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Hemorrhagic Vascular Pathologies, I

  • James Byrne

Abstract

There are a variety of vascular pathologies that affect the brain and intracranial tissues and cause hemorrhagic stroke. The term includes all types of spontaneous intracranial hemorrhage, such as subarachnoid hemorrhage, which may or may not cause a focal neurological deficit.

Keywords

Arteriovenous Malformation Hemorrhagic Stroke Hereditary Hemorrhagic Telangiectasia Vascular Pathology Focal Neurological Deficit 
These keywords were added by machine and not by the authors. This process is experimental and the keywords may be updated as the learning algorithm improves.

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Suggested Reading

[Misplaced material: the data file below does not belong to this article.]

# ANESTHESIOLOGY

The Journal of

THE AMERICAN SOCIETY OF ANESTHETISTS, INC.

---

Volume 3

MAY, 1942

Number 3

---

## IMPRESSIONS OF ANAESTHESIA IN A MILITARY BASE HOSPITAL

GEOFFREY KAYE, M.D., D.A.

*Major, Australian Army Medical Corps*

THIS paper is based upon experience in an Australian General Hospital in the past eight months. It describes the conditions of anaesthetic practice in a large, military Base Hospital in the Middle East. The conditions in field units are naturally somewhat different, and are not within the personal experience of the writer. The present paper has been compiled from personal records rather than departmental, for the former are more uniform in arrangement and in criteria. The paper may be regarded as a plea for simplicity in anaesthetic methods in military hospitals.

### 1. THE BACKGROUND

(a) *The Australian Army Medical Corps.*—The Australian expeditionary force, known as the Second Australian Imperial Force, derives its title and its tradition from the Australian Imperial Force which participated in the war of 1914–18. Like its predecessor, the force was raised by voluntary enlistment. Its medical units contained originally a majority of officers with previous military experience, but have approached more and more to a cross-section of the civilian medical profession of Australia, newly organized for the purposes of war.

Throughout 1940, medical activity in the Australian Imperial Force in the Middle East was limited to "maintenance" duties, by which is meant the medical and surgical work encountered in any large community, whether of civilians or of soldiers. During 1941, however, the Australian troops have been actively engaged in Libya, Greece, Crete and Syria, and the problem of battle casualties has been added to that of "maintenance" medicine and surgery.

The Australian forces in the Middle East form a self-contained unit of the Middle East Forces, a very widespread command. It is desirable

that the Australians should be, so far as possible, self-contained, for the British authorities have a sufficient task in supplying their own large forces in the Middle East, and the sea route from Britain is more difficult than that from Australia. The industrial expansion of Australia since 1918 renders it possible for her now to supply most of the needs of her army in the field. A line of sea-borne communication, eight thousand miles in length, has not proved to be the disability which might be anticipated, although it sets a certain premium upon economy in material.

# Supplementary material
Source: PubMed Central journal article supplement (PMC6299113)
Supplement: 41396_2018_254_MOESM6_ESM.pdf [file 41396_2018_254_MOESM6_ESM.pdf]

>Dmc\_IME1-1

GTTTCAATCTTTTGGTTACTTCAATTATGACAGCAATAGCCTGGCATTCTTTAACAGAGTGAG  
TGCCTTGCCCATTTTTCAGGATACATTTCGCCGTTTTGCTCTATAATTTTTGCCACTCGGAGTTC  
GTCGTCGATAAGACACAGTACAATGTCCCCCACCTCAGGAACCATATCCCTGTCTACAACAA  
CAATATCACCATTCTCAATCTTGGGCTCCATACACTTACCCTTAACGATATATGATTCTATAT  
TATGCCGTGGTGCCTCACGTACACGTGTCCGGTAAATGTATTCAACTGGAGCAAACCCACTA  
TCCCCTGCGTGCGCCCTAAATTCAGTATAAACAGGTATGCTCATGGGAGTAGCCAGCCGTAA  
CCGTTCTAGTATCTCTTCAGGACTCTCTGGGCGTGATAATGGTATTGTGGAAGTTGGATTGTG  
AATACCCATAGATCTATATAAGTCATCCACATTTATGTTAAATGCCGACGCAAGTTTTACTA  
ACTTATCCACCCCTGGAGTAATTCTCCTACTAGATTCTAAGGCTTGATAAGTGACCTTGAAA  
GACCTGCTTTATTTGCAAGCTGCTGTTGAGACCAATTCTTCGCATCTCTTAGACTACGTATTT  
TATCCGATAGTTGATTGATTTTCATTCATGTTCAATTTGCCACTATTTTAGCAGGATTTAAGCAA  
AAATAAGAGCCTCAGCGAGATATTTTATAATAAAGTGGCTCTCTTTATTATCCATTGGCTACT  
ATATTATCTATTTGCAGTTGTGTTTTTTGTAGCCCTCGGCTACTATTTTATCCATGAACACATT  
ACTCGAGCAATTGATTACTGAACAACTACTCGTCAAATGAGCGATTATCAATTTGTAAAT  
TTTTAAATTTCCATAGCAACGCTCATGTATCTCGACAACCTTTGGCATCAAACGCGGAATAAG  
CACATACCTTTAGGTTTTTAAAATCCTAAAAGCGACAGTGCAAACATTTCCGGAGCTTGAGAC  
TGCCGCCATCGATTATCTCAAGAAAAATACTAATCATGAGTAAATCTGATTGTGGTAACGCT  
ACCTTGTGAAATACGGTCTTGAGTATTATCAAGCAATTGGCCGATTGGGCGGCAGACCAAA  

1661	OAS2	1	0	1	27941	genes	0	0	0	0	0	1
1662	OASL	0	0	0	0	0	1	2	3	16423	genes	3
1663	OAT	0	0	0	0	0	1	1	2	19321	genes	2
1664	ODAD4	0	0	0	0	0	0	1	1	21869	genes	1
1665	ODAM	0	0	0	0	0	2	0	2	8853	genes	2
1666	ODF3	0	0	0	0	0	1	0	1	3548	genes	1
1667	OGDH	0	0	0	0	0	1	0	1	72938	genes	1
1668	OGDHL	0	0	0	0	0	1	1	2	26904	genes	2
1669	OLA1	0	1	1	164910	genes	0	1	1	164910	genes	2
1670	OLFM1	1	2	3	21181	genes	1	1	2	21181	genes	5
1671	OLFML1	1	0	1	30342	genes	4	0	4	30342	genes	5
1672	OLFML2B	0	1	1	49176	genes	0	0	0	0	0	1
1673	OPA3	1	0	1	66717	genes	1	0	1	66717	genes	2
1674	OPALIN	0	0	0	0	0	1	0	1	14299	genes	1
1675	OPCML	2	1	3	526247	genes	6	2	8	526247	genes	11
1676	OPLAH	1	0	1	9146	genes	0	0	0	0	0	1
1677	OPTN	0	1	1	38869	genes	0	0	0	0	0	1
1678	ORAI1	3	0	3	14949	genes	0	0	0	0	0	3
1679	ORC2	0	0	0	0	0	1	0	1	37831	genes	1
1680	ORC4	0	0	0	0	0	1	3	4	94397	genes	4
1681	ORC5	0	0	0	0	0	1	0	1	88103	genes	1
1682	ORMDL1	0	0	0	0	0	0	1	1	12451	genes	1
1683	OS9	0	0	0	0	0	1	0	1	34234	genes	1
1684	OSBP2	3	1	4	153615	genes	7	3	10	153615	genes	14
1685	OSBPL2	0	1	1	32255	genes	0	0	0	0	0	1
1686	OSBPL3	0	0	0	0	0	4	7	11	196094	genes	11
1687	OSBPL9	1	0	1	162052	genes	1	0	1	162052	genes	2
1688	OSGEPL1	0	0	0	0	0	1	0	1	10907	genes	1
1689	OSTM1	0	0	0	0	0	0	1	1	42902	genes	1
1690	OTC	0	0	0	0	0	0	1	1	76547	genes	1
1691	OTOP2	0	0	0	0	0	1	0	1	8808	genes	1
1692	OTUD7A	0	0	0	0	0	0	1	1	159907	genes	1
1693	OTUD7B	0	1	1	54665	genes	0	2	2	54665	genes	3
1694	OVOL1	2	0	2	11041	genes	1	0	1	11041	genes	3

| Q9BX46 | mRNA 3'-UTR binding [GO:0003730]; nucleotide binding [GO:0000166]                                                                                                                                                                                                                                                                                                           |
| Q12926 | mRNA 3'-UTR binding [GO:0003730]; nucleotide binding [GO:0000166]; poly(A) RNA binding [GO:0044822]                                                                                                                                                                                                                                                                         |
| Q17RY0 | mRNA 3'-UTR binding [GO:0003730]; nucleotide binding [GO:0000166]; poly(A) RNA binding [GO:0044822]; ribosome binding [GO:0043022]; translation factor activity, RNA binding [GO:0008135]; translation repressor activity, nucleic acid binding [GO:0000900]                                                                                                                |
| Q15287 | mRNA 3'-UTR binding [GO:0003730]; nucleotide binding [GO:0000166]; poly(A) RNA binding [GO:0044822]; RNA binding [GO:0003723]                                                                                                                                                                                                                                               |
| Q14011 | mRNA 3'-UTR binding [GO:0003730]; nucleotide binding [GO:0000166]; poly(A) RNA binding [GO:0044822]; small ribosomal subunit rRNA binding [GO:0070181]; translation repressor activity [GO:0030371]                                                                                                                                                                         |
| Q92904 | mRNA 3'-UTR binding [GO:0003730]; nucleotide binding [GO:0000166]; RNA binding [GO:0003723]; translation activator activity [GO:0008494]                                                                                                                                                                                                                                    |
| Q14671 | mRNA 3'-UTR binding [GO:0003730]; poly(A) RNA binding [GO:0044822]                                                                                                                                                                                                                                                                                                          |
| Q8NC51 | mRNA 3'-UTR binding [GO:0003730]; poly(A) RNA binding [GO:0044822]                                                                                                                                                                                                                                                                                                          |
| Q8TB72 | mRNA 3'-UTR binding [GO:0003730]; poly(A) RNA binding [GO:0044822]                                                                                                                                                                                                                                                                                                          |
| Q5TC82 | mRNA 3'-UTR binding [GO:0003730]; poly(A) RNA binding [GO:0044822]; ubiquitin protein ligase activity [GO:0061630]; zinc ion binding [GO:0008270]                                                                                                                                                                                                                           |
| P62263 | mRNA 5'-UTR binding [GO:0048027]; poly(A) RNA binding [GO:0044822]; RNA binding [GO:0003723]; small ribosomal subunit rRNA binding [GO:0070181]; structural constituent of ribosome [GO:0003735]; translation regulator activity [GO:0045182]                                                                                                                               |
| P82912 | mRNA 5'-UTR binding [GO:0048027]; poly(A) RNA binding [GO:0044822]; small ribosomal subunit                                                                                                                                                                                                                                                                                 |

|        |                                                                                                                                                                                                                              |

1. Broderick JP, Adams HP, Barsan W et al (1999) Guidelines for the management of spontaneous intracerebral hemorrhage. A statement for healthcare professionals from a special writing group of the Stroke Council, American Heart Association. Stroke 30:905–915PubMedCrossRefGoogle Scholar
  2. Caplan L (1994) General symptoms and signs. In: Kase CS, Caplan LR, eds. Intracerebral hemorrhage. Butterworth-Heinemann, Boston, pp 31–43Google Scholar
  3. Davis S, Fisher M, Warach S et al (2003) Magnetic resonance imaging in stroke. Cambridge University Press, Cambridge, UKCrossRefGoogle Scholar
  4. Moritani T, Ekholm S, Westesson P-L (2003) Diffusion-weighted MR imaging of the brain. Springer-Verlag, Berlin, Heidelberg, New YorkGoogle Scholar
  5. Warlow CP et al (1996) Stroke. A practical guide to management. Blackwell Science, OxfordGoogle Scholar

Copyright information

© Springer-Verlag Italia 2012

Authors and Affiliations

  • James Byrne
    • 1
  1. 1.Department of Neuroradiology, Nuffield Department of Surgical SciencesUniversity of OxfordOxfordUK

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